Composing a Doctrinal Statement [section 9 part 4 — on Disputes and Accountability]

Composing a doctrinal statement (or any other essential documents) can be one of the most arduous (but crucial) projects undertaken by a church. In this series, I’m sharing my own doctrinal statement in an attempt to provide a helpful example of a detailed statement that is worded positively, but articulated precisely enough to exclude certain theological positions for the protection and unity of the church.


Disputes and Accountability Between Members: We believe that the church possesses all the resources necessary to resolve personal disputes between members, and that members are prohibited from bringing civil lawsuits against the church or other members of our assembly to resolve personal disputes [1]. Disputes among members are to be dealt with personally and privately, or brought before the Council of Elders [2].

We believe that by seeking membership at this local church, the believer submits himself to the leadership and authority of the church [3], and commits [4] to pursue Christlikeness in thought, word, and conduct, seeking to faithfully love God and love others [5], to make and to be fully committed and competent disciples of Christ, joyfully and humbly seeking accountability with and for fellow members of the assembly, recognizing the potential for loving, corrective discipline in cases of unrepentant sin, as prescribed in Scripture, that the member may be restored to fellowship with both Christ and His church.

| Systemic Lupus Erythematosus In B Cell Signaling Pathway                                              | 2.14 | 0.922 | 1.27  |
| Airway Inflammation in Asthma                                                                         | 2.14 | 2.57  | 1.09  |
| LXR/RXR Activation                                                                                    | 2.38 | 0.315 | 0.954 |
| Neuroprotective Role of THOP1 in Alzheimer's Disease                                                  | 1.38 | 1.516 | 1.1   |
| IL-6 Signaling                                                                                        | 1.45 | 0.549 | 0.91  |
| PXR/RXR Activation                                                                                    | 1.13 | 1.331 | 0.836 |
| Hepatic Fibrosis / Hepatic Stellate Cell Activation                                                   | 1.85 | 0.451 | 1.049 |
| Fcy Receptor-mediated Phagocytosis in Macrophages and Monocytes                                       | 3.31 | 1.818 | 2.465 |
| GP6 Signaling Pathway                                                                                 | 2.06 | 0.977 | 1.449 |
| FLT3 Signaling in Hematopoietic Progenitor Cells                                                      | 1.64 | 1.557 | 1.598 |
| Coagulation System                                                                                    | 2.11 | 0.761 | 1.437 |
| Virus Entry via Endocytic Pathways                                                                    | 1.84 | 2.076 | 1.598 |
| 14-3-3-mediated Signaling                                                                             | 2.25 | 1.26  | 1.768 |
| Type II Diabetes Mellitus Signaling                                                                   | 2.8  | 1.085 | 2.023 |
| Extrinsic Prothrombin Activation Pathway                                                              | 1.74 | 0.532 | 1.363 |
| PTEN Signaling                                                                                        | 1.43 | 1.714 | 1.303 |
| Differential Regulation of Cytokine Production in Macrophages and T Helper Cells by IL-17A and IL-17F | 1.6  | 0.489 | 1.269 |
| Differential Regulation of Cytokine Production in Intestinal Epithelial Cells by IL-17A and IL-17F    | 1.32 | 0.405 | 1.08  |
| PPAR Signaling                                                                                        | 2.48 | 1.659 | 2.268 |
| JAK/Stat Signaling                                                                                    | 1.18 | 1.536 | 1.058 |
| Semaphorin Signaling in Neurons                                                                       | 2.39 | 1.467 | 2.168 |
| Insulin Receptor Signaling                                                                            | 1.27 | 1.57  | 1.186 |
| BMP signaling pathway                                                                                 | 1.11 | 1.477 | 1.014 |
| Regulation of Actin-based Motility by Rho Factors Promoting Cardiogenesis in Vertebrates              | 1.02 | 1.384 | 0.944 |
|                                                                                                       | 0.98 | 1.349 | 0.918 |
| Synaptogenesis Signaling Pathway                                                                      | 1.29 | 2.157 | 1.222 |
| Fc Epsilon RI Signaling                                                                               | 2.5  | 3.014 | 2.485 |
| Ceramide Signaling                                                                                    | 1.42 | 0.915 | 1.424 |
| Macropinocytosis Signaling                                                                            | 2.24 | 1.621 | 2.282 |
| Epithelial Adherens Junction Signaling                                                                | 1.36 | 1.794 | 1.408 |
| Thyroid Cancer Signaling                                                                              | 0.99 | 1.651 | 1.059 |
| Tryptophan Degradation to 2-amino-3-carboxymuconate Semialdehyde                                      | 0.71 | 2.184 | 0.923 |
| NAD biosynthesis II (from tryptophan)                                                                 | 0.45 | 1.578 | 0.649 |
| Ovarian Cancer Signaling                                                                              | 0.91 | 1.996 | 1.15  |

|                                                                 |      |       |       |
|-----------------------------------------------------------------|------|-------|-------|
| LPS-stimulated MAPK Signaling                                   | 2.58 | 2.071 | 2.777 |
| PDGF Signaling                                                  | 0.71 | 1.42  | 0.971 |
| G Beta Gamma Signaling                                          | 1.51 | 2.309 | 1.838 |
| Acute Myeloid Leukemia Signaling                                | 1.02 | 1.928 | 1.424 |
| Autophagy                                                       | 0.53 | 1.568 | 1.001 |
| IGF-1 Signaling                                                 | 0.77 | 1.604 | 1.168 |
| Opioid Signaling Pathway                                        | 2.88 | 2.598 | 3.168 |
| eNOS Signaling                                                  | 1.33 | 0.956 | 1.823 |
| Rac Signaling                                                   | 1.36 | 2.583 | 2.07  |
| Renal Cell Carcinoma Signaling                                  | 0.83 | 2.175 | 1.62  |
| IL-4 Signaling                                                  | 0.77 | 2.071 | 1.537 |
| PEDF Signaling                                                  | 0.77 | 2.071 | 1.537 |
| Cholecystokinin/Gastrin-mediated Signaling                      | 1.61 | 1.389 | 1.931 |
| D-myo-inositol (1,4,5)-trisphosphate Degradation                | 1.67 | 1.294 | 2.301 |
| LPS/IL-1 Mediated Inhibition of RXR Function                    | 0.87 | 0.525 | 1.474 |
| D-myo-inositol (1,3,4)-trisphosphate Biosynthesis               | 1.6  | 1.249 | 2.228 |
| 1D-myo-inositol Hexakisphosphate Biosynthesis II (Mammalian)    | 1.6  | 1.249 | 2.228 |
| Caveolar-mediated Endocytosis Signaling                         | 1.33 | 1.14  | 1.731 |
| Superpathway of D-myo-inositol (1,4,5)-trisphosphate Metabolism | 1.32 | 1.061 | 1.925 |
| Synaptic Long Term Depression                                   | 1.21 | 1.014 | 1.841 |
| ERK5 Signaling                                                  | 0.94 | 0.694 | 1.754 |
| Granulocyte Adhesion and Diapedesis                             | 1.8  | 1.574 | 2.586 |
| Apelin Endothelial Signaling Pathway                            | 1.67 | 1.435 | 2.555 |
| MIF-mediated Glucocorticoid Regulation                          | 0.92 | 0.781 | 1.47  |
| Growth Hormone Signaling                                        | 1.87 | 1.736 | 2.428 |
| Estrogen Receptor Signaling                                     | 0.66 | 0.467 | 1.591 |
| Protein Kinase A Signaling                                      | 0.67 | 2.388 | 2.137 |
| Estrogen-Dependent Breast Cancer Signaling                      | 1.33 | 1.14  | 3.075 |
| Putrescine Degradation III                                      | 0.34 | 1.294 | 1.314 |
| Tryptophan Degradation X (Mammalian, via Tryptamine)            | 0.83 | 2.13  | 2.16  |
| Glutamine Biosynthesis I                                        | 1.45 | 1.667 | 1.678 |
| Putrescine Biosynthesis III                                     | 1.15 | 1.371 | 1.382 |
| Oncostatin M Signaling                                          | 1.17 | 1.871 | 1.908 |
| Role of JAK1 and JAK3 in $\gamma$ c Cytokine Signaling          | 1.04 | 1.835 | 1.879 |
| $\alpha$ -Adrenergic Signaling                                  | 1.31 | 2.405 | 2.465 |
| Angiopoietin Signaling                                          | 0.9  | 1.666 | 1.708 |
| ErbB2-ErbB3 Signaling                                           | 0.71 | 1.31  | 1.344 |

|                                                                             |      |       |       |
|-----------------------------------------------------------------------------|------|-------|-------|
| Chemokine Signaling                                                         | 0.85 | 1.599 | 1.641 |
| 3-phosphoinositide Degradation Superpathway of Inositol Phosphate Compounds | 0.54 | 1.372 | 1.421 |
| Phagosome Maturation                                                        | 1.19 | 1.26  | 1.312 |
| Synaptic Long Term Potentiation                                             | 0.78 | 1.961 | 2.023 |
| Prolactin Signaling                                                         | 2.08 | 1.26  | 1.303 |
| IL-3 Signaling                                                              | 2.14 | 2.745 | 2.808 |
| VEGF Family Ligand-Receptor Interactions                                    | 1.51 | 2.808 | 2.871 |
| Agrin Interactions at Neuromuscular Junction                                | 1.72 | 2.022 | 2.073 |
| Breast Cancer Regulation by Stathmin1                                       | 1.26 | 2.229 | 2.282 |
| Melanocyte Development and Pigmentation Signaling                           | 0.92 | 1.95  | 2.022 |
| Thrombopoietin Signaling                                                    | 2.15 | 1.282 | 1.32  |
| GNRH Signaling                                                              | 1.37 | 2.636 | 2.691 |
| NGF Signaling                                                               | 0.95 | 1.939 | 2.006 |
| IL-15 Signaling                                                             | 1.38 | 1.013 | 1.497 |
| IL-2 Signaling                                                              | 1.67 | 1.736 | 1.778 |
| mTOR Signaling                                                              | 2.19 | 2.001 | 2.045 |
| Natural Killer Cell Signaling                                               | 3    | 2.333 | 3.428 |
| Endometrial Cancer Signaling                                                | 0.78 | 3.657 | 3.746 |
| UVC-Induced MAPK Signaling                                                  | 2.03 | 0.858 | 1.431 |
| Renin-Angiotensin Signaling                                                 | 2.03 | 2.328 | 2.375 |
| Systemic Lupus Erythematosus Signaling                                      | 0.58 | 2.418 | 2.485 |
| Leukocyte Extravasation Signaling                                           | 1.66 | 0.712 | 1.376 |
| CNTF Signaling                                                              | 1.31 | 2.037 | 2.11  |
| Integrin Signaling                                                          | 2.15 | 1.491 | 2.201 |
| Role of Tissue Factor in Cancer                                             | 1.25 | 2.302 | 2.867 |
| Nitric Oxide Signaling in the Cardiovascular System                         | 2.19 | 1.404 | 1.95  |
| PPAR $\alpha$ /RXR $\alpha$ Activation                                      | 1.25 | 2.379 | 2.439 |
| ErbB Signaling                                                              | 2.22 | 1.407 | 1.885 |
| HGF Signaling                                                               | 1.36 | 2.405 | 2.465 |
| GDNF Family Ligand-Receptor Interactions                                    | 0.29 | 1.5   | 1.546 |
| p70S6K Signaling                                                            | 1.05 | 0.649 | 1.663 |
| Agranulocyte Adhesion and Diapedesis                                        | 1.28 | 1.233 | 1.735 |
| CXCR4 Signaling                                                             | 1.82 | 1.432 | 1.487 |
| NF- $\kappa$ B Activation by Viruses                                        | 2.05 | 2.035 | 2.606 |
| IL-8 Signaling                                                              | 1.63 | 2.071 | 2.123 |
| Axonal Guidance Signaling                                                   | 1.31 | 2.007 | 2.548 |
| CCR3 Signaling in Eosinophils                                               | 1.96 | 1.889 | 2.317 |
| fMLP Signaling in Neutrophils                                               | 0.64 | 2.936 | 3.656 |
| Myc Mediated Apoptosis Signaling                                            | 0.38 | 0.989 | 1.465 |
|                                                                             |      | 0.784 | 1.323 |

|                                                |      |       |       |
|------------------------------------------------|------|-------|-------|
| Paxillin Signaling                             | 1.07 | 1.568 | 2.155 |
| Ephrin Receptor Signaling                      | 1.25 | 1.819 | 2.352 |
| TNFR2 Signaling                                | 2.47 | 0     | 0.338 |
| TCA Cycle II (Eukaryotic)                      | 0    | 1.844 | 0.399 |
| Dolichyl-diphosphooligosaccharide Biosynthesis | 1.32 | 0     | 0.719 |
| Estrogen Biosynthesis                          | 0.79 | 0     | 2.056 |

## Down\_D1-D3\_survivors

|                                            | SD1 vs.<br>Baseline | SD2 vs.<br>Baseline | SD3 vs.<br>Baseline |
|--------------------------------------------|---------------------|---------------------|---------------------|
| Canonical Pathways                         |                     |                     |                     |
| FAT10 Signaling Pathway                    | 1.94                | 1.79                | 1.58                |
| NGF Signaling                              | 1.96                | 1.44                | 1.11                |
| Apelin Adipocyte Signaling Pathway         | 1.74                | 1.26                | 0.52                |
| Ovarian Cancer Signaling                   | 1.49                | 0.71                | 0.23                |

(Matthew 18:15–20; 22:37–39; 1 Corinthians 5:1–13; 6:1–8; 2 Corinthians 2:5–11; Galatians 6:1; Ephesians 4:31–32; 2 Thessalonians 3:6, 14–15; 1 Timothy 5:20; Titus 3:9–11)


Notes:

1] It may feel strange to include this in a doctrinal statement. But not only does it provide ample legal protection for your church (if a member seeks a lawsuit, all you have to do is point the judge to the member’s signature by which he agreed to this doctrinal statement, thus binding him to not pursue a lawsuit — this has happened and it does work), it is also a biblical standard (1 Cor 6:1-8) that, if understood and followed, fosters a greater depth of community.

2] We should always try to resolve disputes privately, including only the parties involved at first, and then bringing in another mature believer or two when necessary. Disputes should always be dealt with at the lowest level possible (Matthew 18:15–20).

3] Many will react to the language of submitting to the local church and it’s leadership, but in actuality, that language is more biblical than the language of voluntarily joining a church.

4] This commitment to pursue Christlikeness is not unique to those Christian’s who decide to join a church — it is the calling of every believer. The difference is simply that in the context of the local church the believer gains the resources, encouragment, training, and accountability to faithfully pursue this life of discipleship.

5] The two greatest commandments (Matt 22:37–39)